The U.S. Department of Energy (DOE) has released three market reports showing record growth in U.S. wind energy over the past year. The annually updated data track installations, technologies, costs, prices, incentives, and performance for three wind energy market sectors—land-based utility-scale, offshore, and distributed. In 2020, wind energy was the largest source of U.S. electric-generating capacity additions, accounting for 42% of new capacity.
Here are some of the key findings from the reports:
- Wind comprises a growing share of electricity supply: U.S. wind power capacity grew at a record pace in 2020, with $25 billion invested in 16.8 gigawatts (GW) of capacity
- Wind energy output rose to account for more than 8% of the entire nation’s electricity supply and is more than 20% in 10 states.
- At least 209 GW of wind are seeking transmission interconnection; 61 GW of this capacity are offshore wind and 13 GW are hybrid plants that pair wind with storage or photovoltaic (PV) solar power
- Wind project performance has increased over time: The average capacity factor among recently built projects was over 40%, considerably higher than projects built earlier. The highest capacity factors are seen in the interior ‘wind belt’ of the country
- Turbines continue to get larger: Improved plant performance has been driven by larger turbines mounted on taller towers and featuring longer blades. In 2010, no turbines employed blades that were 115 meters in diameter or larger, but in 2020, 91% of newly installed turbines featured such rotors. Proposed projects indicate that total turbine height will continue to rise
- Low wind turbine pricing has pushed down installed project costs over the last decade: Wind turbine prices are averaging $775–$850/kW. The average installed cost of wind projects in 2020 was $1,460/kW, down more than 40% since the peak in 2010, though stable for the last three years. The lowest costs were found in Texas and the (non-ISO) West
- Wind energy prices remain low, around $20/MWh in the interior of the country: After topping out at $70/MWh for power purchase agreements (PPAs) executed in 2009, the national average price of wind PPAs has dropped. In the interior ‘wind belt’ of the country, recent pricing is around $20/MWh. In the West and East, prices tend to average $30/MWh or more. These prices, which are possible in part due to federal tax support, fall below the projected future fuel costs of gas-fired generation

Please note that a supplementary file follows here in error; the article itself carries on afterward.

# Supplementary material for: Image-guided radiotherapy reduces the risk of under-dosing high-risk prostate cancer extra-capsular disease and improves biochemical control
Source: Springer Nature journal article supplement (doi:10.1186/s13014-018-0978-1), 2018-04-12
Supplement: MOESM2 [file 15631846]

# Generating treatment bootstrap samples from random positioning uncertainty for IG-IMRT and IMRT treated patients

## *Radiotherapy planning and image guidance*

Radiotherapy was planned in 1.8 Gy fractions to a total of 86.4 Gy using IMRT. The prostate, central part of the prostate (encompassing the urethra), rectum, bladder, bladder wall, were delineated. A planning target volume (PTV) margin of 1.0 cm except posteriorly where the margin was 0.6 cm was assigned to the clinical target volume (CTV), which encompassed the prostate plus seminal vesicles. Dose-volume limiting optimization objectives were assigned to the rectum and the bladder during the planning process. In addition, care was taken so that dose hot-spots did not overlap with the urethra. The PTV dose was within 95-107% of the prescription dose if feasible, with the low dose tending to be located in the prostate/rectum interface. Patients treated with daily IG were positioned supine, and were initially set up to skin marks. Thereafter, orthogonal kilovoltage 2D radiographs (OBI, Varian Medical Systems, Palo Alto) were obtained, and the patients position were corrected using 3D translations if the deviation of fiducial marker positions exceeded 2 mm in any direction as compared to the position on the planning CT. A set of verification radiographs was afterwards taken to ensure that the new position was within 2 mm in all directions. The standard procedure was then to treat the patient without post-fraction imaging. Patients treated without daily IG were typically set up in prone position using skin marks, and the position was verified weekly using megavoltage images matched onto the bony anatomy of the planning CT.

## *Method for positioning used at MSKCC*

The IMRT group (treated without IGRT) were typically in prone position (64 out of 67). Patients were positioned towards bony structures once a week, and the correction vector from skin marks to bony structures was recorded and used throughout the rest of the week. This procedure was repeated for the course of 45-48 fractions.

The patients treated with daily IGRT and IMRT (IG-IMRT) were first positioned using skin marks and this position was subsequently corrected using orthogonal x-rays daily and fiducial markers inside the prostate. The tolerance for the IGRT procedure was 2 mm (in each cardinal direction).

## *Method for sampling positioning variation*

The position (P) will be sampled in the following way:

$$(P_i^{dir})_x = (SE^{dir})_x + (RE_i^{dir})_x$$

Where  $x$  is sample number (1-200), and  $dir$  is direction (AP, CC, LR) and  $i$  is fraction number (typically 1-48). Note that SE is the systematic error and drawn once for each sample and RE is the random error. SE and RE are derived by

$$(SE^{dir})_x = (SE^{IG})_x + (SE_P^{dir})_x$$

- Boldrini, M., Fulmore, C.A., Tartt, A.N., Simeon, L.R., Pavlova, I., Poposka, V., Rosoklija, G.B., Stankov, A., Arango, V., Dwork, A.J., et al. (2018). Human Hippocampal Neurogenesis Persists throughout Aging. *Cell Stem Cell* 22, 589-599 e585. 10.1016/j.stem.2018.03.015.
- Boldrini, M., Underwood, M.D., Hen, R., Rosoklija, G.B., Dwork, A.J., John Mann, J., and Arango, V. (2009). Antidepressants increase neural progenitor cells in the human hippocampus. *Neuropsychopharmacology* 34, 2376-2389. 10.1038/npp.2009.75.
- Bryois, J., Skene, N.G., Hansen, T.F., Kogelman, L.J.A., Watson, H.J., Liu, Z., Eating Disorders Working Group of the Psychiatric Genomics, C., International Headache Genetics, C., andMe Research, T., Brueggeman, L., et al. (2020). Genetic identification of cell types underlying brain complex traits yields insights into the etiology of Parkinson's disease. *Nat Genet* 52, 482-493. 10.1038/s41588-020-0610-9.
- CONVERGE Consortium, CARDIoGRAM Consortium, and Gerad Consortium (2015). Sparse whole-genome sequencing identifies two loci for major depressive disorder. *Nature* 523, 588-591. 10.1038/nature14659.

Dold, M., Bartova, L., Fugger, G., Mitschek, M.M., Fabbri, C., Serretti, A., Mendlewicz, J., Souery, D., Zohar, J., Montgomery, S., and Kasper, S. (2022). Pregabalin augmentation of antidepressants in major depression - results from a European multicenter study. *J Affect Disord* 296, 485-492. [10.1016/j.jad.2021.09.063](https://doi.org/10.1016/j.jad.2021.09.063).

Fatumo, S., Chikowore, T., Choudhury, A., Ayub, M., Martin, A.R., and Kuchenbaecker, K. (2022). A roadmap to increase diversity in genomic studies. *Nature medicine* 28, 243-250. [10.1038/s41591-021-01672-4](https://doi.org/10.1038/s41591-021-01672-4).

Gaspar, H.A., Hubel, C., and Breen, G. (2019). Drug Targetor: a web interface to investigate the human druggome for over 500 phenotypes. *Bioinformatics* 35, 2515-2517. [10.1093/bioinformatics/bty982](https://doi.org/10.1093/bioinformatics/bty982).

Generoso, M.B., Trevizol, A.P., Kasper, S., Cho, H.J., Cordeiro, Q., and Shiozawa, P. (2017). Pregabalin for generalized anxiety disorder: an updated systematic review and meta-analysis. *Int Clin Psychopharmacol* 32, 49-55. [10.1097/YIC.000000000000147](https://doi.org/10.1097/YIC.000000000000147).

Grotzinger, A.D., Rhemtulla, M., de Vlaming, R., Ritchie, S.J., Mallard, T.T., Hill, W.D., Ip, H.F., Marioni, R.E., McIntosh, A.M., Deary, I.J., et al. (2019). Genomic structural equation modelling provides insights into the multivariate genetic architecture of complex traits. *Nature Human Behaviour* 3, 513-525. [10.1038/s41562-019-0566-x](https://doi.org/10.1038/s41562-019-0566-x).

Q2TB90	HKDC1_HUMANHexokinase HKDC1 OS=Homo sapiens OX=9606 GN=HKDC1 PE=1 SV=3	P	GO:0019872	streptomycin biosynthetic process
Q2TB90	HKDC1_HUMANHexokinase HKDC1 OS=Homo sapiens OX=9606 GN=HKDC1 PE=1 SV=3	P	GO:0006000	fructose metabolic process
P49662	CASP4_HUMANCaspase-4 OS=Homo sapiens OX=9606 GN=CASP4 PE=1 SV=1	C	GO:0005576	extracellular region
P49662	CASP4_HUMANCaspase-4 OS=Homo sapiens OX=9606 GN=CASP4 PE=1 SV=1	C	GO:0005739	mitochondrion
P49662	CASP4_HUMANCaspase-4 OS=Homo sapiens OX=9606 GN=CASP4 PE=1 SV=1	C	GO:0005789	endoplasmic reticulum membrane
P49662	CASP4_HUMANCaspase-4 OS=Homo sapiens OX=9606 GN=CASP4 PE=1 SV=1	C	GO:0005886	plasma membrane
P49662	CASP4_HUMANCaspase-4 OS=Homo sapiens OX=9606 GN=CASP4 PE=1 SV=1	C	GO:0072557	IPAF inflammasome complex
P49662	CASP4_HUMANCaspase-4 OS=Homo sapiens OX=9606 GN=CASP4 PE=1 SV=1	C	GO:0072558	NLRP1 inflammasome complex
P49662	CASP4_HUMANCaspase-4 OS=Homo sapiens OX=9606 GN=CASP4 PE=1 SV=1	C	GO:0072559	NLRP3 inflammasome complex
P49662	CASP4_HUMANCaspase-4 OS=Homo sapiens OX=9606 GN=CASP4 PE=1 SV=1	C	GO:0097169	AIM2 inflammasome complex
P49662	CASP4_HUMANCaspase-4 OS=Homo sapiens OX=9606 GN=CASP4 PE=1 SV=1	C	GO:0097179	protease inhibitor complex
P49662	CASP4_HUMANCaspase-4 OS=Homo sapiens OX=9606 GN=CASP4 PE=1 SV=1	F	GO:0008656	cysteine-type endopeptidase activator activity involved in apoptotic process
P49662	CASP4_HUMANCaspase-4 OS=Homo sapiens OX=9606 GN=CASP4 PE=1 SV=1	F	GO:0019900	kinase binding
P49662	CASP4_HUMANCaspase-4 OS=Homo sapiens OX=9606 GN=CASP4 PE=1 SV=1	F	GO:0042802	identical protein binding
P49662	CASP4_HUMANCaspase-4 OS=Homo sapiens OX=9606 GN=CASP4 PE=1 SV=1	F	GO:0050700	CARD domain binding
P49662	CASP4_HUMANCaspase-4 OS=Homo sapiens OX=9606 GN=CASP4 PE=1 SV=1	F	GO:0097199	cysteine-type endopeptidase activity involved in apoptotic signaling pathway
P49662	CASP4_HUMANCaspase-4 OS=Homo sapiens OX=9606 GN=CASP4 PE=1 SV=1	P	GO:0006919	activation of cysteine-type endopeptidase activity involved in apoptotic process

- The health and climate benefits of wind in 2020 were larger than its grid-system value, and the combination of all three far exceeds the current levelized cost of wind: Wind generation reduces power-sector emissions of carbon dioxide, nitrogen oxides, and sulfur dioxide. These reductions, in turn, provide public health and climate benefits that vary regionally, but together are economically valued at an average of $76/MWh-wind nationwide in 2020
- The domestic supply chain for wind equipment is diverse: For wind projects recently installed in the U.S., domestically manufactured content is highest for nacelle assembly (>85%), towers (60-75%), and blades and hubs (30-50%), but is much lower for most components internal to the nacelle
- Global offshore wind installations in 2020 totaled 5,519 MW
- The U.S. offshore wind pipeline grew 24% over the previous year, with 35,324 MW now in various stages of development
- The Bureau of Ocean Energy Management created five new Wind Energy Areas in the New York Bight with a total capacity of 9,800 MW, representing a large portion of the 2020−2021 pipeline growth
- Massachusetts' Vineyard Wind I became the first approved, commercial-scale offshore wind energy project in the United States
- There are 15 projects in the U.S. offshore pipeline that have reached the permitting phase, and eight states have set offshore wind energy procurement goals for a total of 39,298 MW by 2040
- Turbine sizes continued to grow, with average rotor diameters exceeding 150 meters and turbine capacities more than 7.5 MW
- The U.S. distributed wind sector—which includes power from wind turbines installed near where the power will be used—added 14.7 MW of new distributed wind capacity across 11 states
- U.S.-based manufacturers of small wind turbines (100 kW or less) accounted for 71% of domestic small wind sales capacity in 2020
Intermittent renewable energy sources like wind and solar continue to rely on a variety of energy storage systems including, pumped storage hydropower (water batteries) and electrochemical lithium-ion and flow batteries to store energy for use at night or when the wind isn’t blowing. A new trend that has emerged in 2020 is an increased interest in using offshore wind to produce clean hydrogen by electrolysis of seawater. Renewables along with grid-scale energy storage are the most promising path to a carbon-free electrical power system.
Kevin Clemens is a Senior Editor with Battery Technology.